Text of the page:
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Measuring State Dependence in Individual Poverty Status: Are There Feedback Effects to Employment Decisions and Household Composition?

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  • Biewen, Martin

    ()
    (University of Tuebingen)

Abstract

Using a sample of prime-aged men from the German Socio-Economic Panel (GSOEP), this paper examines the effects of past poverty experience on future poverty status, future employment status and household composition. The empirical results suggest that even after controlling for observed and unobserved characteristics, past poverty experience increases the poverty risk of future periods. Moreover, there is evidence that experiencing poverty has a negative effect on future employment behaviour and on household cohesion. Apart from its economic significance, the existence of such feedback effects is interesting from an econometric point of view, as they represent a violation of the strict exogeneity assumption, which is usually invoked in estimating dynamic qualitative response models with unobserved heterogeneity.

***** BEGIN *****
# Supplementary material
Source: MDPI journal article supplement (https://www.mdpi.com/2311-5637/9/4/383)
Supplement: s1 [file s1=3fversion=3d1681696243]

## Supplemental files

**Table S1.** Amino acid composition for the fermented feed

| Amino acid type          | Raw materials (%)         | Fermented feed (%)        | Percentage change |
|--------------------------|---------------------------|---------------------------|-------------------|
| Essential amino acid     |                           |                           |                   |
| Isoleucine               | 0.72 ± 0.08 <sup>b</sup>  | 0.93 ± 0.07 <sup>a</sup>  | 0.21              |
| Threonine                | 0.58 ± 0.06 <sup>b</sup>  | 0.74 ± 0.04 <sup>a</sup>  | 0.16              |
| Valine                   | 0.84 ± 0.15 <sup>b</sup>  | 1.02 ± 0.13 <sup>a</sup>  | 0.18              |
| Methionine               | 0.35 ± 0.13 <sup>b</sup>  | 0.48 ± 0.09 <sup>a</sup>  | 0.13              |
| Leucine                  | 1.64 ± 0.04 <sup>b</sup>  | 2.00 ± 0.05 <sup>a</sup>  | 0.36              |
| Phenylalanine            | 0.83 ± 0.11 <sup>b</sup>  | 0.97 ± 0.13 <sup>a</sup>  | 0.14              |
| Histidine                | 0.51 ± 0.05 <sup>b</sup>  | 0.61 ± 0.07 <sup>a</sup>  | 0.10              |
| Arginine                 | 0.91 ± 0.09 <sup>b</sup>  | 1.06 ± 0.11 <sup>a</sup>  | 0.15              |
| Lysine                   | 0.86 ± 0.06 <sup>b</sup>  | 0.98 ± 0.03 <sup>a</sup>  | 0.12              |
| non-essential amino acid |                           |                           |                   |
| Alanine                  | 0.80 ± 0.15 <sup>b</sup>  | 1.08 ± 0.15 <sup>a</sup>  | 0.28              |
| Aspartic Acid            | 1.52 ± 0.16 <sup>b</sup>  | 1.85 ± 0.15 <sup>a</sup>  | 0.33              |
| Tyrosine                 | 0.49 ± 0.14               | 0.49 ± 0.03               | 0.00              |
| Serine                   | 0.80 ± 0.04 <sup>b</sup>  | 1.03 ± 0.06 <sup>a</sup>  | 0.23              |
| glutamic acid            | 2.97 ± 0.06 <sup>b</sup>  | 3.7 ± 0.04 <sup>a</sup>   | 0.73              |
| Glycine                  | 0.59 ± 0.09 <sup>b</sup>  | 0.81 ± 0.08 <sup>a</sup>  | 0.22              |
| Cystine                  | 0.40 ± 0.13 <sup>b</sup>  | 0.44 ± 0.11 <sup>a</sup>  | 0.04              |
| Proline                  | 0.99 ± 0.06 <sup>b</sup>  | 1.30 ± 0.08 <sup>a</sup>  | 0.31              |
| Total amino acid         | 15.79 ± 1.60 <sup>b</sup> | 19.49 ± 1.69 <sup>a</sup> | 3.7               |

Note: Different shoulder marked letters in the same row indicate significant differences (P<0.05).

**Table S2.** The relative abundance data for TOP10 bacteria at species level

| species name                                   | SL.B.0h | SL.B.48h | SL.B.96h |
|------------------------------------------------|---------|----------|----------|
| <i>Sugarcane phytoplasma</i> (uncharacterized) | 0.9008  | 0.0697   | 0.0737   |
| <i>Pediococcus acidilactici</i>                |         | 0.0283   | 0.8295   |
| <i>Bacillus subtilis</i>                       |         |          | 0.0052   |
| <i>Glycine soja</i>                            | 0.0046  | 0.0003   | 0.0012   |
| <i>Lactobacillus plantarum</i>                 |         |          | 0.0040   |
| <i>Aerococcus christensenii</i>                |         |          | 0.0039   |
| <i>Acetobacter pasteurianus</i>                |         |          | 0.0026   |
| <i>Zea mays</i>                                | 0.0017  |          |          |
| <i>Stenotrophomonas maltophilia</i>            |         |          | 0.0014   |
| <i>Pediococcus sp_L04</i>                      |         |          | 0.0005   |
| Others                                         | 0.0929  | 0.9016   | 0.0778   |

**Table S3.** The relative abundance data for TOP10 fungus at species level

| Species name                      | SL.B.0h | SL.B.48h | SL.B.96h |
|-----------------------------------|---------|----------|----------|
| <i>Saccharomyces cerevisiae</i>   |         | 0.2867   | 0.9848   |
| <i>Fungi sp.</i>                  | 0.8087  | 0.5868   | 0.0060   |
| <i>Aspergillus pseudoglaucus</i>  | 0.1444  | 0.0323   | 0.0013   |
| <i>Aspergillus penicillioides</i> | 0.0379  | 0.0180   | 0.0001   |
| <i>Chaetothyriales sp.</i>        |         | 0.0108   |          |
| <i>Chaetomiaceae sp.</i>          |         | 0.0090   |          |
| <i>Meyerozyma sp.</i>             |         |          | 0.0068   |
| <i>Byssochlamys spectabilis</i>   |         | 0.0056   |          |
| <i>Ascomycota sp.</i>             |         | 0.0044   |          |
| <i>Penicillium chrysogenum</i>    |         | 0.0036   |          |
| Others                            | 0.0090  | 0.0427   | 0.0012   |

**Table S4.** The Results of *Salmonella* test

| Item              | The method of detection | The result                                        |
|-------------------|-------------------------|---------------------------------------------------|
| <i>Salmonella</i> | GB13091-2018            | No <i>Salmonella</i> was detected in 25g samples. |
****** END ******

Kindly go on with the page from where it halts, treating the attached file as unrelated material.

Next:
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Bibliographic Info

Paper provided by Institute for the Study of Labor (IZA) in its series IZA Discussion Papers with number 1138.

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Length: 30 pages
Date of creation: May 2004
Date of revision:
Handle: RePEc:iza:izadps:dp1138

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Related research

Keywords: correlated random effects; poverty persistence; strict exogeneity; initital conditions; dynamic binary response models;

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  1. Burgess, Simon & Propper, Carol, 1998. "An Economic Model of Household Income Dynamics, with an Application to Poverty Dynamics among American Women," CEPR Discussion Papers 1830, C.E.P.R. Discussion Papers.
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  16. Fitzgerald, John M. & Ribar, David C., 2003. "Transitions in Welfare Participation and Female Headship," IZA Discussion Papers 895, Institute for the Study of Labor (IZA).
  17. Dean R. Hyslop, 1999. "State Dependence, Serial Correlation and Heterogeneity in Intertemporal Labor Force Participation of Married Women," Econometrica, Econometric Society, vol. 67(6), pages 1255-1294, November.
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